I am very happy to report that the Nikita Noark 5 core project tagged its second release today. The free software solution is an implementation of the Norwegian archive standard Noark 5 used by government offices in Norway. These were the changes in version 0.1.1 since version 0.1.0 (from

  • Continued work on the angularjs GUI, including document upload.
  • Implemented correspondencepartPerson, correspondencepartUnit and correspondencepartInternal
  • Applied for coverity coverage and started submitting code on regualr basis.
  • Started fixing bugs reported by coverity
  • Corrected and completed HATEOAS links to make sure entire API is available via URLs in _links.
  • Corrected all relation URLs to use trailing slash.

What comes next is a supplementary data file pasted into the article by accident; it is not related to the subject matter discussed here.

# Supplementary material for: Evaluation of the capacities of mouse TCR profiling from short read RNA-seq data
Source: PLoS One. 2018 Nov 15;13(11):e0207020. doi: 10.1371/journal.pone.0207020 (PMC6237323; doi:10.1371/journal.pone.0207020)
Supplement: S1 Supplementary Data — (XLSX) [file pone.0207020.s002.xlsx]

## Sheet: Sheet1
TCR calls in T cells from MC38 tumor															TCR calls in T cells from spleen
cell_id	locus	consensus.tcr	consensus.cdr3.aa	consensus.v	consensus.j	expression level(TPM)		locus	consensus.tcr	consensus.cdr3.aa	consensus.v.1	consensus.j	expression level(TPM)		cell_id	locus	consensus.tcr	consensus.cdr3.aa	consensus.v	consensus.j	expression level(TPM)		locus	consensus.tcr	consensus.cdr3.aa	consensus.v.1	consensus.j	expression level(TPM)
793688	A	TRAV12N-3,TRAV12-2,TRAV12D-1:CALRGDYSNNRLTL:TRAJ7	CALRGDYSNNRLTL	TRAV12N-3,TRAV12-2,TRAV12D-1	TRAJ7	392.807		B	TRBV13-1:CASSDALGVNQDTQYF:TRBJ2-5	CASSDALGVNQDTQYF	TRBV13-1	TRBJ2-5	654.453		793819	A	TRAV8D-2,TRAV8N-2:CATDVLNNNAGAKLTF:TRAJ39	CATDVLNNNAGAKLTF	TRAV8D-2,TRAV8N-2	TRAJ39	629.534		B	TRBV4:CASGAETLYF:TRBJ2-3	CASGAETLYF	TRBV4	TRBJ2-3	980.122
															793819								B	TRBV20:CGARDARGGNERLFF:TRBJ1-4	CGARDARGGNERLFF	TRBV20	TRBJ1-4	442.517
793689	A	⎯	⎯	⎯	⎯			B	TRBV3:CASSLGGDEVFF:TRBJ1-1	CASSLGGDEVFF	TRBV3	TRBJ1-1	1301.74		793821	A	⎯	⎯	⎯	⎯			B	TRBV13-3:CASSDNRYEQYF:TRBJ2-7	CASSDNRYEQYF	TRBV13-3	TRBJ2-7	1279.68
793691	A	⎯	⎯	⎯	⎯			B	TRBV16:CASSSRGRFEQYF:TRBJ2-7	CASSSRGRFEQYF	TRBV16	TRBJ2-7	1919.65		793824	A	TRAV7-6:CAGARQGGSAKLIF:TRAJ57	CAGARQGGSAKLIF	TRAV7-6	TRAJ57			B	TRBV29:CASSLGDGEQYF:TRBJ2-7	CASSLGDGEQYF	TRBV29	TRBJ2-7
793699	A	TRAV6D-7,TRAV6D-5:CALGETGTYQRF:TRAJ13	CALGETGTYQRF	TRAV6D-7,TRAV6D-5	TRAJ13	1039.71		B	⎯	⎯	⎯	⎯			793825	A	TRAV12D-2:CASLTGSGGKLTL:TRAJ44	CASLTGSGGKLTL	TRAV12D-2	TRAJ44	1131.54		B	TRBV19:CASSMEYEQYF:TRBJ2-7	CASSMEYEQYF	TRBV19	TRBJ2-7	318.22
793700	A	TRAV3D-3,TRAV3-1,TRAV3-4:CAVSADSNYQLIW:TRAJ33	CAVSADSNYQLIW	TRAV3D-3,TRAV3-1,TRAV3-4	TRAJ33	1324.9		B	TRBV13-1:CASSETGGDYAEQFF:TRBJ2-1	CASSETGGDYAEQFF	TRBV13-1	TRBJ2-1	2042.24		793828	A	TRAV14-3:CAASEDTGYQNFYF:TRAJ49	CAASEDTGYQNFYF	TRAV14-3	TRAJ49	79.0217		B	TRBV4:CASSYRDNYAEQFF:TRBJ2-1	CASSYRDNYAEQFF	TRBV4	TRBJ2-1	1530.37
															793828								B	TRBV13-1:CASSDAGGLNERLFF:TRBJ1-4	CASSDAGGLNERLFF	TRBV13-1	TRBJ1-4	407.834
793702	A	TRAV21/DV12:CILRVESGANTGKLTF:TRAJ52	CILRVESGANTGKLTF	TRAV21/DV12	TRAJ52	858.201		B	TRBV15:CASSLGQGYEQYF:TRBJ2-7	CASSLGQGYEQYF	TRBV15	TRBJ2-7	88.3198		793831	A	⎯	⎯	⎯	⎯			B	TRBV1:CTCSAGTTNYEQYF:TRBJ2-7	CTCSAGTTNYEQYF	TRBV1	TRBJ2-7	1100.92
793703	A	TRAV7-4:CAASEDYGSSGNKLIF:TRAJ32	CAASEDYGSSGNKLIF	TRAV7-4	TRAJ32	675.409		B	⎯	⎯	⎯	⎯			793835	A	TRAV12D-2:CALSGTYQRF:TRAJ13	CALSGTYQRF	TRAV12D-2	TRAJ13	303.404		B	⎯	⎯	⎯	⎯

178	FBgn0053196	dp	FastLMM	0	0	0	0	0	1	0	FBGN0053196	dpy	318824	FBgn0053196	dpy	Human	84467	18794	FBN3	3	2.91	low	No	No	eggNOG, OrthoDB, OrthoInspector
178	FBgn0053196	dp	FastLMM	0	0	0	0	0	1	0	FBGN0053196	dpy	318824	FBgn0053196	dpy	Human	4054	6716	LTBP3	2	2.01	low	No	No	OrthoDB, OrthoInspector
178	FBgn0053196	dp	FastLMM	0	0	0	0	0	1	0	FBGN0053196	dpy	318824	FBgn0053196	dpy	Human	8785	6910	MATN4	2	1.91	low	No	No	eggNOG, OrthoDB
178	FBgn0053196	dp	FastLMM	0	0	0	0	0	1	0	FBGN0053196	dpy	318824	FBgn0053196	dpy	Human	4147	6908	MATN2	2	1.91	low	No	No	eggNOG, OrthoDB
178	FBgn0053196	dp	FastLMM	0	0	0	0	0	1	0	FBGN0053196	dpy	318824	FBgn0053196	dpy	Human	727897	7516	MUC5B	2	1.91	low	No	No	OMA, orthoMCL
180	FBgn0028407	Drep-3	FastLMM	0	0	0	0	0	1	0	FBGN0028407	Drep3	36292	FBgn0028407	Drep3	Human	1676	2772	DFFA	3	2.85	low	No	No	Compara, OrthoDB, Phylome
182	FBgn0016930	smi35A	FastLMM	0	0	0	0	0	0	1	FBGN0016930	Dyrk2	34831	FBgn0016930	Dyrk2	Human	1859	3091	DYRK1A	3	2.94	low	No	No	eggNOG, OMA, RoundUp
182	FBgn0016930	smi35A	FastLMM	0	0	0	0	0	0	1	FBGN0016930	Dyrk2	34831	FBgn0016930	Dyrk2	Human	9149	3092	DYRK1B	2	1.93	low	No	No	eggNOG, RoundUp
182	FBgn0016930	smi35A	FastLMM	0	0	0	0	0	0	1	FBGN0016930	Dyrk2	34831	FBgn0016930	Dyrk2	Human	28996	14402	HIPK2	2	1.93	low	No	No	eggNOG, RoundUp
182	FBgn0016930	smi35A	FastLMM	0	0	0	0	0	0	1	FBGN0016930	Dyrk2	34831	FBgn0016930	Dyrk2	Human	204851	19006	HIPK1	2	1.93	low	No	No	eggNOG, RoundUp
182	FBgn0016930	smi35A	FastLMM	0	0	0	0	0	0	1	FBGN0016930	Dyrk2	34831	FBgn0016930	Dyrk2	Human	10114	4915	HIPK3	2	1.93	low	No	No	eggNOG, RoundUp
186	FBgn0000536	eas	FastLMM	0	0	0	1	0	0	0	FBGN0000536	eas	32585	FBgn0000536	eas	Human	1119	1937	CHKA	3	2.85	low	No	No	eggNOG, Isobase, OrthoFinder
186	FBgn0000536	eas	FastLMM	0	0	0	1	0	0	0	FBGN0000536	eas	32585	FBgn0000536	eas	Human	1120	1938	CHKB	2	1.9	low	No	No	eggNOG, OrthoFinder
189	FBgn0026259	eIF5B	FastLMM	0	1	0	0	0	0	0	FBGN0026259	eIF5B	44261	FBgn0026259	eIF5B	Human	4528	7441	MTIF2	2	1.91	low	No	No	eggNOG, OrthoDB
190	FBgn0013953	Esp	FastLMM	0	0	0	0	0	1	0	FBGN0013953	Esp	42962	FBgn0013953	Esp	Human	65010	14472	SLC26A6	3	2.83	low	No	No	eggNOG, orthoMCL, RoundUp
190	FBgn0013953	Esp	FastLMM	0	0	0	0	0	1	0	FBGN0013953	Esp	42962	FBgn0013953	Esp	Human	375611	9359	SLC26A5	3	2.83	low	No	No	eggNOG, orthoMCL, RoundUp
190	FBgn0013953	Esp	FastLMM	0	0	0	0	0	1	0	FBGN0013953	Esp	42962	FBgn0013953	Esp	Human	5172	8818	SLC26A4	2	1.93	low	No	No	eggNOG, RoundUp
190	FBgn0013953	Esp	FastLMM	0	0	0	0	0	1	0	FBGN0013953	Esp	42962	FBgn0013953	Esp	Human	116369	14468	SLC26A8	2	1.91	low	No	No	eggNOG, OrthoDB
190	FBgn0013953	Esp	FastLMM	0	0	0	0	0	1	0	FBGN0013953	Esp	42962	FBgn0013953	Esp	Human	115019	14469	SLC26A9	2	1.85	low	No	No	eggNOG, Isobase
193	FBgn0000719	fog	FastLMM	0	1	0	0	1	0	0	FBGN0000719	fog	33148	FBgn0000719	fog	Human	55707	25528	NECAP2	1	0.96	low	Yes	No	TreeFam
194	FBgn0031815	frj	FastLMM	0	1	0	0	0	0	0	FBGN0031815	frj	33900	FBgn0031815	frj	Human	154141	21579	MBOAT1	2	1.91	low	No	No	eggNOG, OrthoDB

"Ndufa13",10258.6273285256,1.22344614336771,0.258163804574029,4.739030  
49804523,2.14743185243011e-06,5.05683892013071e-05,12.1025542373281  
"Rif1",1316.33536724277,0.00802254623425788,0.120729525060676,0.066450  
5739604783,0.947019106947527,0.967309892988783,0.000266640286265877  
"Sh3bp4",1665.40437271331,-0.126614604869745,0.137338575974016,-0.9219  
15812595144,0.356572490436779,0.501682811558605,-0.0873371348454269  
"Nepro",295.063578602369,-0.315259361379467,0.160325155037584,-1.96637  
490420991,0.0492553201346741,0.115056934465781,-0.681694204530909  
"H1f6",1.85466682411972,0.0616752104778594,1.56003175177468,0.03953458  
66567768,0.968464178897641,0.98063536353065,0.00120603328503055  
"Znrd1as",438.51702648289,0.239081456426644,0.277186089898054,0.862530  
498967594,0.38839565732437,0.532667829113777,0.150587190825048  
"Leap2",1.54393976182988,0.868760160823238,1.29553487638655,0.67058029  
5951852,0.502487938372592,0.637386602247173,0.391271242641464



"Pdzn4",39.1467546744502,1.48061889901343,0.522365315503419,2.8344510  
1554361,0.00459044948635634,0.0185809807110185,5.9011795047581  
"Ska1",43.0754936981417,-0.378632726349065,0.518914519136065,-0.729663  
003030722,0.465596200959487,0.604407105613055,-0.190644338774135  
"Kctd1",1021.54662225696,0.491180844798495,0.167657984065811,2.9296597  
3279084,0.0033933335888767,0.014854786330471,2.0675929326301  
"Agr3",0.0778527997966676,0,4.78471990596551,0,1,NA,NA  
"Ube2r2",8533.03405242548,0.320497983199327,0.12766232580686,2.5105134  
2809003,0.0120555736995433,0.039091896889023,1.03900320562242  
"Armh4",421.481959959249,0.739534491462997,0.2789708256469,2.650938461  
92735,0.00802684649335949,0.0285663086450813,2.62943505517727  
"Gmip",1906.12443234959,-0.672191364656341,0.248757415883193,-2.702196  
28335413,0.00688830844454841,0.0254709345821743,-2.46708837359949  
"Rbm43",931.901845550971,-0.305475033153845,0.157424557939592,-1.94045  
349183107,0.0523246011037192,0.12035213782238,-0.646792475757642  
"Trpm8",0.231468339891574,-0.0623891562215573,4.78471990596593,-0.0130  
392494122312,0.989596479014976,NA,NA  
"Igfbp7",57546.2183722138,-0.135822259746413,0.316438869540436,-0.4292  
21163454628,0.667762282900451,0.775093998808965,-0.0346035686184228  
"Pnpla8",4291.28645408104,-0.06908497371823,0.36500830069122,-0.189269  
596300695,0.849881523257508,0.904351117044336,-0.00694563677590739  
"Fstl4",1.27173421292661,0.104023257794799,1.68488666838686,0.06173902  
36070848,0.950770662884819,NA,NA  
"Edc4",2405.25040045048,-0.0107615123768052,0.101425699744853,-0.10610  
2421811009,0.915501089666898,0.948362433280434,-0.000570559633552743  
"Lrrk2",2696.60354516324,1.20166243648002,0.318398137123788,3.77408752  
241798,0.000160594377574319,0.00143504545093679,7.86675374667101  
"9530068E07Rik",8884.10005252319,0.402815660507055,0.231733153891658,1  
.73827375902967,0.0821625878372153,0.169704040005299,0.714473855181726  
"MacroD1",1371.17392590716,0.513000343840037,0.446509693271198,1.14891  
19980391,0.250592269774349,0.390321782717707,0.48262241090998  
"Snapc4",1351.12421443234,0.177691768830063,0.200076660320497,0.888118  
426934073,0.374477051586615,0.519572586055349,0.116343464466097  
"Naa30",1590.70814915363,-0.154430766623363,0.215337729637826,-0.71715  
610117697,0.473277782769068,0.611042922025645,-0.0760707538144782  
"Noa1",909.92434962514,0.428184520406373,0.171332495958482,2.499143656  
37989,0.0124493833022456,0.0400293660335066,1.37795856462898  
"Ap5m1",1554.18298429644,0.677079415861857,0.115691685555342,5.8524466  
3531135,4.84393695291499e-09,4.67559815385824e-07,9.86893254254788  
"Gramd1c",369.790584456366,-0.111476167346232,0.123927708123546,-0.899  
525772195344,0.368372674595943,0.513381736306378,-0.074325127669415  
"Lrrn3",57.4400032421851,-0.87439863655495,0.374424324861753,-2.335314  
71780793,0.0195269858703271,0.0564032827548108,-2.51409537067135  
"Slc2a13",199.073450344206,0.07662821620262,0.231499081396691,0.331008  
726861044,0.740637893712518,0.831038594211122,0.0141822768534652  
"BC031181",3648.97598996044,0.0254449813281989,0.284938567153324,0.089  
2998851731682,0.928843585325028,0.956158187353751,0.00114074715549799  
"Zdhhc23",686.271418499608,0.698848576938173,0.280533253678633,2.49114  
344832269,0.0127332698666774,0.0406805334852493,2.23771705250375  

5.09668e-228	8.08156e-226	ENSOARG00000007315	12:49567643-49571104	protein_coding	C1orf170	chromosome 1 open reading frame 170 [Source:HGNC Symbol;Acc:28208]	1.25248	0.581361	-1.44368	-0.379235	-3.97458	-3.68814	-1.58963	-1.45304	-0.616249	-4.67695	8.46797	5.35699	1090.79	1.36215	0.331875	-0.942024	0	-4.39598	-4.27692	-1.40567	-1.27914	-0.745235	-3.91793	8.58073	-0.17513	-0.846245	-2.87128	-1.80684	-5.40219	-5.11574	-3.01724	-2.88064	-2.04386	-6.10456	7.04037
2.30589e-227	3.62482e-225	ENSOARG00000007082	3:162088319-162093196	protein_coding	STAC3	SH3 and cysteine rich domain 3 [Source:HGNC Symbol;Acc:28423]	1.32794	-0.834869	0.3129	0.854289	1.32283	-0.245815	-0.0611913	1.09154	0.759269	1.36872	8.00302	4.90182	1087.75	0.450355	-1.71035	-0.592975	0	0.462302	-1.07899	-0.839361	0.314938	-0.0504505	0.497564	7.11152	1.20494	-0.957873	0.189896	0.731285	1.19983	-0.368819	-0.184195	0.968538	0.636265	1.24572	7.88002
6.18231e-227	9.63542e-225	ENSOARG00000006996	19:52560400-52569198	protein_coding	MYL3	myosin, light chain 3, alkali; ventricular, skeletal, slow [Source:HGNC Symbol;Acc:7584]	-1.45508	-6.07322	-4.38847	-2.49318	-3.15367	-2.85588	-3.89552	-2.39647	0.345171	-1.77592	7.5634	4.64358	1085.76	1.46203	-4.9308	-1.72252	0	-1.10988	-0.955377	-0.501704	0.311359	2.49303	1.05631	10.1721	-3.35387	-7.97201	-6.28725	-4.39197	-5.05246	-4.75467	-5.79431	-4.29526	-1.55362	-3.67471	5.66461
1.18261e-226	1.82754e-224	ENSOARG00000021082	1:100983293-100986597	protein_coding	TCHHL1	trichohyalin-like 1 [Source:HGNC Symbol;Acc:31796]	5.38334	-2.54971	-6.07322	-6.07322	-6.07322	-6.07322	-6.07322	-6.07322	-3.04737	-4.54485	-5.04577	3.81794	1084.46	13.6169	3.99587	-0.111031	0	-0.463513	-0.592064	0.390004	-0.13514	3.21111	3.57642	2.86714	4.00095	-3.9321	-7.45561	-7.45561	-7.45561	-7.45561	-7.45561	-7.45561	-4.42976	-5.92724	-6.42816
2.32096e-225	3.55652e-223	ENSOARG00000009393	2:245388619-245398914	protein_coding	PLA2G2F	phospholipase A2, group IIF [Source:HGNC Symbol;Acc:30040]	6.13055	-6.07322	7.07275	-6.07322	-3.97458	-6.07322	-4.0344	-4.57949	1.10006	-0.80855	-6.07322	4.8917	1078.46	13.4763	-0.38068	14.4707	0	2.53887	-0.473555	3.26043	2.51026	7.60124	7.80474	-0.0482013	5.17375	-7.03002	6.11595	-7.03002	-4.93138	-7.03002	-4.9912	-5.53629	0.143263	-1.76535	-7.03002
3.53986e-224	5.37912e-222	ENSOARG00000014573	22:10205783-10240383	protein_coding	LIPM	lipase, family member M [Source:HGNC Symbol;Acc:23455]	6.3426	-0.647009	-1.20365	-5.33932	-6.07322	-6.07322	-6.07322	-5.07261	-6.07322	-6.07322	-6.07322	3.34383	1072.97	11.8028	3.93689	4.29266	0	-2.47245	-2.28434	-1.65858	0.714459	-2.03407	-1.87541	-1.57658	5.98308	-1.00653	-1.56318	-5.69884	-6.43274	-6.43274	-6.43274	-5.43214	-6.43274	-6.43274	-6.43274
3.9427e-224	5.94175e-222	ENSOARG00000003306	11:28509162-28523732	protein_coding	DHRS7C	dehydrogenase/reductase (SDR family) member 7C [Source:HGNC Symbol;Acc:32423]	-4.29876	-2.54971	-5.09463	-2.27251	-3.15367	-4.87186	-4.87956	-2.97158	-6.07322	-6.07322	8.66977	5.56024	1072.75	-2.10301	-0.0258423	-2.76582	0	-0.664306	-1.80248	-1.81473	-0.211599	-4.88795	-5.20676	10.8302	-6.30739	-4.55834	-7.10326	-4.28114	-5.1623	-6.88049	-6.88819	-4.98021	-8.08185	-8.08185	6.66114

• Add initial support for storing data in ElasticSearch.
  • Now able to receive and store uploaded files in the archive.
  • Changed JSON output for object lists to have relations in _links.
  • Improve JSON output for empty object lists.
  • Now uses correct MIME type application/vnd.noark5-v4+json.
  • Added support for docker container images.
  • Added simple API browser implemented in JavaScript/Angular.
  • Started on archive client implemented in JavaScript/Angular.
  • Started on prototype to show the public mail journal.
  • Improved performance by disabling Sprint FileWatcher.
  • Added support for 'arkivskaper', 'saksmappe' and 'journalpost'.
  • Added support for some metadata codelists.
  • Added support for Cross-origin resource sharing (CORS).
  • Changed login method from Basic Auth to JSON Web Token (RFC 7519) style.
  • Added support for GET-ing ny-* URLs.
  • Added support for modifying entities using PUT and eTag.
  • Added support for returning XML output on request.
  • Removed support for English field and class names, limiting ourself to the official names.
  • ...

If this sound interesting to you, please contact us on IRC (#nikita on or email (nikita-noark mailing list).

John Goerzen: Fixing the Problems with Docker Images

10 June, 2017 - 00:58